Today was my favorite day in a very long time. Today was just one of those days that reminds you why life is beautiful, why God always gives you what you need when you need it most, and what it feels like to see the fruits of your labor.

Today, at GLOW club, we celebrated International Women’s Day. To make this extra special, I received a phone call last week from a fellow 3rd year Peace Corps Volunteer, Sarah, who works with the Nike Foundation/Girl Hub (an initiative to encourage girl empowerment projects and activities throughout Rwanda; specifically there is a publication called Ni Nyampingai that serves as a radio broadcast and magazine to get these kinds of ideas to girls all over rural Rwanda) who wanted to visit our GLOW club. Of course, I jumped at the opportunity, knowing my girls would be overjoyed. And so we spent the week prepping our songs, dance, and poem for the coming guests. We cut pieces of the same igitenge (Rwandan fabric) so that we could be unified and have a common sign for being a part of GLOW club. And, I put together a lesson that I would be giving on the day that the guests came: it was a brief history of Women’s Day, a brainstorm session of what makes women super, and finally, some lyrics to Alicia Keys’ song, Superwoman.

On the day of our celebration, the guests came into our classroom and the girls were beaming. I mean, I was almost knocked off my feet from how beautiful, energized, and happy they looked. And then, they did their traditional dance and sang their song that greets guests (very important in Rwandan Culture) and I could barely contain myself. Yes, I’m kind of an emotional basketcase when it comes to these things, but I’m telling you, it was just SO inspiring to see. They really had no fear. No fear. No fear. We have been repeating this mantra all term and wow, they just completely got it.

Our guests included a representative from Ni Nyampinga magazine (check out their link here: ), Sarah (the third year Peace Corps Volunteer), a professional photographer, two interviewers, and a translator. The girls particularly loved the representative from the magazine as she was a young, beautiful Rwandan woman that talked to them about women’s empowerment and spoke to them extensively about these sorts of things in Kinyarwanda. That was my favorite part of this whole thing; it’s one thing for me to stand up in front of my girls and preach about self-confidence, goals, and fighting fear, but for a strong Rwandan woman to do the same is much more powerful. It brings it home for them, and as she was speaking to them about their dreams for their futures, I watched as their eyes just lit up as they shared their dreams to be teachers, doctors, and presidents.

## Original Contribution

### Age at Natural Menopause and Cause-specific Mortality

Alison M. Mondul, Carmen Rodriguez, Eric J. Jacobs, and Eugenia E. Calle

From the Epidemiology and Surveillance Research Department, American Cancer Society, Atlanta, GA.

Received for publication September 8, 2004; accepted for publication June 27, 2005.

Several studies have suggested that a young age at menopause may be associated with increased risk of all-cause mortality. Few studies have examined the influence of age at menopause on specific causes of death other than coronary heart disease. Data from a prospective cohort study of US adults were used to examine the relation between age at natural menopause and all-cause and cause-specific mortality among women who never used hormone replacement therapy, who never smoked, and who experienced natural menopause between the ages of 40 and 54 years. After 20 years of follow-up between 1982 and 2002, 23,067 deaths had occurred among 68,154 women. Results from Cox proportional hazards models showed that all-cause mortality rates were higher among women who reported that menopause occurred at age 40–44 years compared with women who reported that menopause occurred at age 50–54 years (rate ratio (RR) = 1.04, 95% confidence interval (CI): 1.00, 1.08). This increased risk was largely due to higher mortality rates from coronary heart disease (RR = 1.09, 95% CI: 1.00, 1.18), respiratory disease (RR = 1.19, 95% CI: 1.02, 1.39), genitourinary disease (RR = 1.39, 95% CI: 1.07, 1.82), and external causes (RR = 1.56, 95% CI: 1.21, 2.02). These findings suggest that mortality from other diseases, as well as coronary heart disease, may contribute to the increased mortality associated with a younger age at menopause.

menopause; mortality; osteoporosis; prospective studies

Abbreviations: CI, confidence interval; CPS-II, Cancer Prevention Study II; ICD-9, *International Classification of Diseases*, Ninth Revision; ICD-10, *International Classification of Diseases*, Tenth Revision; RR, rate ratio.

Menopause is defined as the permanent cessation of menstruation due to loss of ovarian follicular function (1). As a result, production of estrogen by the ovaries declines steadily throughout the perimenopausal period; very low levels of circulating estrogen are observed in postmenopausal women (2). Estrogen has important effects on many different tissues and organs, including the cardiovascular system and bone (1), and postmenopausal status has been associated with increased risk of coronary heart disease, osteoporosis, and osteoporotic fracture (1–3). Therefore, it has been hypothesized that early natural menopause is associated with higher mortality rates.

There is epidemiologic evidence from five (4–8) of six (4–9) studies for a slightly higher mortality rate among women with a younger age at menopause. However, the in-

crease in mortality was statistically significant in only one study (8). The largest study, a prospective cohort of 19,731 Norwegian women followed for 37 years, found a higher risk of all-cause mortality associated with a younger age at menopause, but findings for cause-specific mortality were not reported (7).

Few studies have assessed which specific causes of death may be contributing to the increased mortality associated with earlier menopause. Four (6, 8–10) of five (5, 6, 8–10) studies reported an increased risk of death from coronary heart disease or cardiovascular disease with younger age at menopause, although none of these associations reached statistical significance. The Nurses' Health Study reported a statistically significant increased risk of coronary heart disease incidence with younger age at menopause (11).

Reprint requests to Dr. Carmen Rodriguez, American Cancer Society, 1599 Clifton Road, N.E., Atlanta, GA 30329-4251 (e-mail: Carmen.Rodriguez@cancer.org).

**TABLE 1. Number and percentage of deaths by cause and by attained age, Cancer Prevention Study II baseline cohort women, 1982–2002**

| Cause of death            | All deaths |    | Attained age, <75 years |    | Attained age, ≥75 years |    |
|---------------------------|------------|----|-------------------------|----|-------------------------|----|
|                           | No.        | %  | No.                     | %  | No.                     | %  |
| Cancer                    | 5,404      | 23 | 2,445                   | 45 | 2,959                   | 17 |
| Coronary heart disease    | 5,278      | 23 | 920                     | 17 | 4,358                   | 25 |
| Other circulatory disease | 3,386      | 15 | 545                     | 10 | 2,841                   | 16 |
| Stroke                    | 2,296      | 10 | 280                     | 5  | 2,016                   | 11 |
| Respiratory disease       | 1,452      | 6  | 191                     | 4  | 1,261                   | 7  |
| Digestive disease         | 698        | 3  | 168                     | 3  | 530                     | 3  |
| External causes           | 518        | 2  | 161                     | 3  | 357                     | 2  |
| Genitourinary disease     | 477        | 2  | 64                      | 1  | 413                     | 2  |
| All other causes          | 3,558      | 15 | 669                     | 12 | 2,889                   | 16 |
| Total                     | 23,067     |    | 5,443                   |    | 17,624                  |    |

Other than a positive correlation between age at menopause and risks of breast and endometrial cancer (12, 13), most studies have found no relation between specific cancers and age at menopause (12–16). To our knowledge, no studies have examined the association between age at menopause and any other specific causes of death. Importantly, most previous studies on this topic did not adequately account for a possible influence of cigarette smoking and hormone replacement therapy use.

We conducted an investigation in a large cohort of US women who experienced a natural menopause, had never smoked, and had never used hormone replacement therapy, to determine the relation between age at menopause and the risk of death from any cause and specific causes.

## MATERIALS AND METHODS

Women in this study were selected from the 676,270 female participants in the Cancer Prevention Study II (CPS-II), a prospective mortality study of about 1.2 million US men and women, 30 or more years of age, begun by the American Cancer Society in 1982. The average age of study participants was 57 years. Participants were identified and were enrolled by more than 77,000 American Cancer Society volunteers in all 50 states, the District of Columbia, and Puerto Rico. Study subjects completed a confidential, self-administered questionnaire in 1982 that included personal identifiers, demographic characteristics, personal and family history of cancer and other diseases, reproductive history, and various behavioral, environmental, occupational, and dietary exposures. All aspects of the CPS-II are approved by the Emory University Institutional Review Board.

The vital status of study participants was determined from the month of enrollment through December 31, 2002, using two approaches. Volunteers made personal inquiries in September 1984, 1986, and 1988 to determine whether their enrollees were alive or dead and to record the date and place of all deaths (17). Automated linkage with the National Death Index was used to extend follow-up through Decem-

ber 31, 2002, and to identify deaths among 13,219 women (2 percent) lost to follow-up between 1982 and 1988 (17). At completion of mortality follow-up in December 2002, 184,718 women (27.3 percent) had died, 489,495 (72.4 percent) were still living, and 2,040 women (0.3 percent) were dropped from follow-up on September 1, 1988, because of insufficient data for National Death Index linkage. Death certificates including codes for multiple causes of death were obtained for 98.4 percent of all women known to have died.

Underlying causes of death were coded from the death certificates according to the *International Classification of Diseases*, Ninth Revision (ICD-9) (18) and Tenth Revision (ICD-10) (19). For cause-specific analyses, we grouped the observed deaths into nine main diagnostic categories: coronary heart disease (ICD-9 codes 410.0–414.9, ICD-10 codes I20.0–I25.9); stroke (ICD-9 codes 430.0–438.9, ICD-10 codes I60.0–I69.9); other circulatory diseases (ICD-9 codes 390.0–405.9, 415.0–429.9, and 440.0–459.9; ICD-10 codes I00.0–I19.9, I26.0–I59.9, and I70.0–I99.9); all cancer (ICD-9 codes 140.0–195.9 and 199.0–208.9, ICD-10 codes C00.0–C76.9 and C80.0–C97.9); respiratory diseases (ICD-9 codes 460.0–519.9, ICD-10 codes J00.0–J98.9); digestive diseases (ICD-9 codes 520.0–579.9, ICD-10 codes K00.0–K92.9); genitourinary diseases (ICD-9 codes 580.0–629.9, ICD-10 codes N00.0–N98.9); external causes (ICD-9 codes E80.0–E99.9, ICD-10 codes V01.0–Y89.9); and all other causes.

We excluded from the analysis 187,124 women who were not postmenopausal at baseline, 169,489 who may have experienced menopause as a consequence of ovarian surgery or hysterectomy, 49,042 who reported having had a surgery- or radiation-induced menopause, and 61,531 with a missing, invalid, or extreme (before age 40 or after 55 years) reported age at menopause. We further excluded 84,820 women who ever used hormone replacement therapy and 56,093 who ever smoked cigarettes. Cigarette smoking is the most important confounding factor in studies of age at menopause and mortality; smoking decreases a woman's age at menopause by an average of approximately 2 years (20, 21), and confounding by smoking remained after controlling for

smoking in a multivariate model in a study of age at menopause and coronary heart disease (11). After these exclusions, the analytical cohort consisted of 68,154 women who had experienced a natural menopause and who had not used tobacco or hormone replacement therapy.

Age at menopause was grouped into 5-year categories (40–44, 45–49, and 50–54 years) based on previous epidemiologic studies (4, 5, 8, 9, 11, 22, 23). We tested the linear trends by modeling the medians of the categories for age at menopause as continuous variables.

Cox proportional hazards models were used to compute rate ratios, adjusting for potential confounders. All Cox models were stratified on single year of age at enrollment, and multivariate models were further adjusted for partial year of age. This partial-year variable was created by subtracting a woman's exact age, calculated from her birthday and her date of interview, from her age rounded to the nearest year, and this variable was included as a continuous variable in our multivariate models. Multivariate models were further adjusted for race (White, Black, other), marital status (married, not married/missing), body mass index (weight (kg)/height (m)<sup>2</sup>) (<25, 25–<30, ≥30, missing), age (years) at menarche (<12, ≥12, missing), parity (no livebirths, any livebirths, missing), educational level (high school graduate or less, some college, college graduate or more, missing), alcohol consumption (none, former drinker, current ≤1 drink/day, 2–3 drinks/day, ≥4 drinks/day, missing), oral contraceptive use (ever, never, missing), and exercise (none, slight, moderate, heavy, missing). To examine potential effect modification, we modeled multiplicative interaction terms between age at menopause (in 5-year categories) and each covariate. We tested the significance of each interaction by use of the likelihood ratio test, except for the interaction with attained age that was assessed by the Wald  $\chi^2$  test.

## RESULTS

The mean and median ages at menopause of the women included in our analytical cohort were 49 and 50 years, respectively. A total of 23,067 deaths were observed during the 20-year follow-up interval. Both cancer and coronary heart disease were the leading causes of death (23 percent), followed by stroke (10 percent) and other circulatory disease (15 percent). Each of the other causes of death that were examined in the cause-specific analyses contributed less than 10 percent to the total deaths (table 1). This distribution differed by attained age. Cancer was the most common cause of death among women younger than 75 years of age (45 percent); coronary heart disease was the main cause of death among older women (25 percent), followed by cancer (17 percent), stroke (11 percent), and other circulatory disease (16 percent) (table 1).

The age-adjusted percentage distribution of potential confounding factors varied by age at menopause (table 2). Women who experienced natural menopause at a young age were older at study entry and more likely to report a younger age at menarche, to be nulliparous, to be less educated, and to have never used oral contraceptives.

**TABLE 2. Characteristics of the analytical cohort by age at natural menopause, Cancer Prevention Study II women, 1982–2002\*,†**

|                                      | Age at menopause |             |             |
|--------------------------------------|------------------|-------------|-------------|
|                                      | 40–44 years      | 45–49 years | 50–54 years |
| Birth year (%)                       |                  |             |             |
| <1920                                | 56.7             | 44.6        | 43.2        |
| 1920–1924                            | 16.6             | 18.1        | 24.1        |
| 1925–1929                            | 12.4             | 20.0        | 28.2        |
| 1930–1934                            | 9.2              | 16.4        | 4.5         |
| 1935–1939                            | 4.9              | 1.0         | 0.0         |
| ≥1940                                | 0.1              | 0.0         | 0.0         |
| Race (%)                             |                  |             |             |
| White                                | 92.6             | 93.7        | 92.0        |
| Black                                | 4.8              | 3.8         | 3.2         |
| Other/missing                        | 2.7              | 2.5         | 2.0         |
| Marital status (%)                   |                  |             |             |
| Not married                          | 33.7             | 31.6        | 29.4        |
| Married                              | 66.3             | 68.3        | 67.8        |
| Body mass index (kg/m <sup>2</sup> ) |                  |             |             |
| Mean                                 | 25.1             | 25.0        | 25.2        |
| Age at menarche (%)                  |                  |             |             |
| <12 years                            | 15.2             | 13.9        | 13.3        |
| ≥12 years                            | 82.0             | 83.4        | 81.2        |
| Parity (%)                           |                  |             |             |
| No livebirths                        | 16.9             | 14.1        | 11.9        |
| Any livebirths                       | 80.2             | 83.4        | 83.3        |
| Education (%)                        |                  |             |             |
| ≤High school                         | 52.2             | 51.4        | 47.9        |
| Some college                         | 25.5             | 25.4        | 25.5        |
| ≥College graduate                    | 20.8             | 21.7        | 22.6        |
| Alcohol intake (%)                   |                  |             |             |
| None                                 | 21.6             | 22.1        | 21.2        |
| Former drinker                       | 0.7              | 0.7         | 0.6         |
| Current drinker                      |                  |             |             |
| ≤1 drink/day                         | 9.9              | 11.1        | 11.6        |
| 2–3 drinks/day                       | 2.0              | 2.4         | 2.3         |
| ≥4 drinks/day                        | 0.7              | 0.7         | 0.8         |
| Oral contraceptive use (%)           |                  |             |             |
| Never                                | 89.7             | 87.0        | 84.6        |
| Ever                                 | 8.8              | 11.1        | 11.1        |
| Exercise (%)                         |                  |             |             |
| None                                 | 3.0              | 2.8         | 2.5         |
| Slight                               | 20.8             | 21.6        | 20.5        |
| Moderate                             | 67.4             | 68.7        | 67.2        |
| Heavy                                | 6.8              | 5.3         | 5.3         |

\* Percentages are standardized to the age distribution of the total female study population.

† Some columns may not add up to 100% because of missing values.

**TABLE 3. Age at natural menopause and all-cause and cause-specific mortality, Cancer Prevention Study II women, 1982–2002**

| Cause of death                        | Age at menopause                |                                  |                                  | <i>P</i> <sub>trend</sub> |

After welcoming our guests and giving the lesson about Superwomen to the girls, they engaged in conversations, read the magazine, and two of my girls, Divine and Maisara, gave interviews for nearly an hour about the club, what we do, and why it’s a safe place for them. I haven’t read their answers or anything, but the interviewers told me they did great. I’m totally not surprised. Not in the least. We also shared juice, had a dance party, practiced our model walks, and really, just celebrated being young women. What more do you need than that to have a good time?

The girls also did a sketch for the guests (the one we did about fighting fear) and we did the trust circle to demonstrate the importance of the girls trusting one another to help them in all things.

A bagillion MILLION pictures were taken and so I can’t wait to see the finished article (they came specifically to do a piece about the girls) and see how great the pictures and interviews turned out.

I just loved today, mostly because my girls got to feel and BELIEVE that they are, in fact, superwomen. They often tell me how much they love me…and after today, I just want to hold them tight and tell them over and over again, that it’s THEM who are my heroes. It’s THEM that makes me want to show up for work every day, and it really is THEM who makes me believe that the world can be a better place. I know that’s cheesy, fluffy, and all sorts of idealistic, but I promise you, had you been in that room with me today, you would think the very same things. I couldn’t have been a prouder mama, and there’s nothing that could have made celebrating Women’s Day so beautiful. I’m just so proud I get to try and be a superwoman alongside these girls. They are everything to me and are the reason that the string of bad and difficult times can fade into the background. They are the reason I can endure. They are the reason I love being a Peace Corps Volunteer.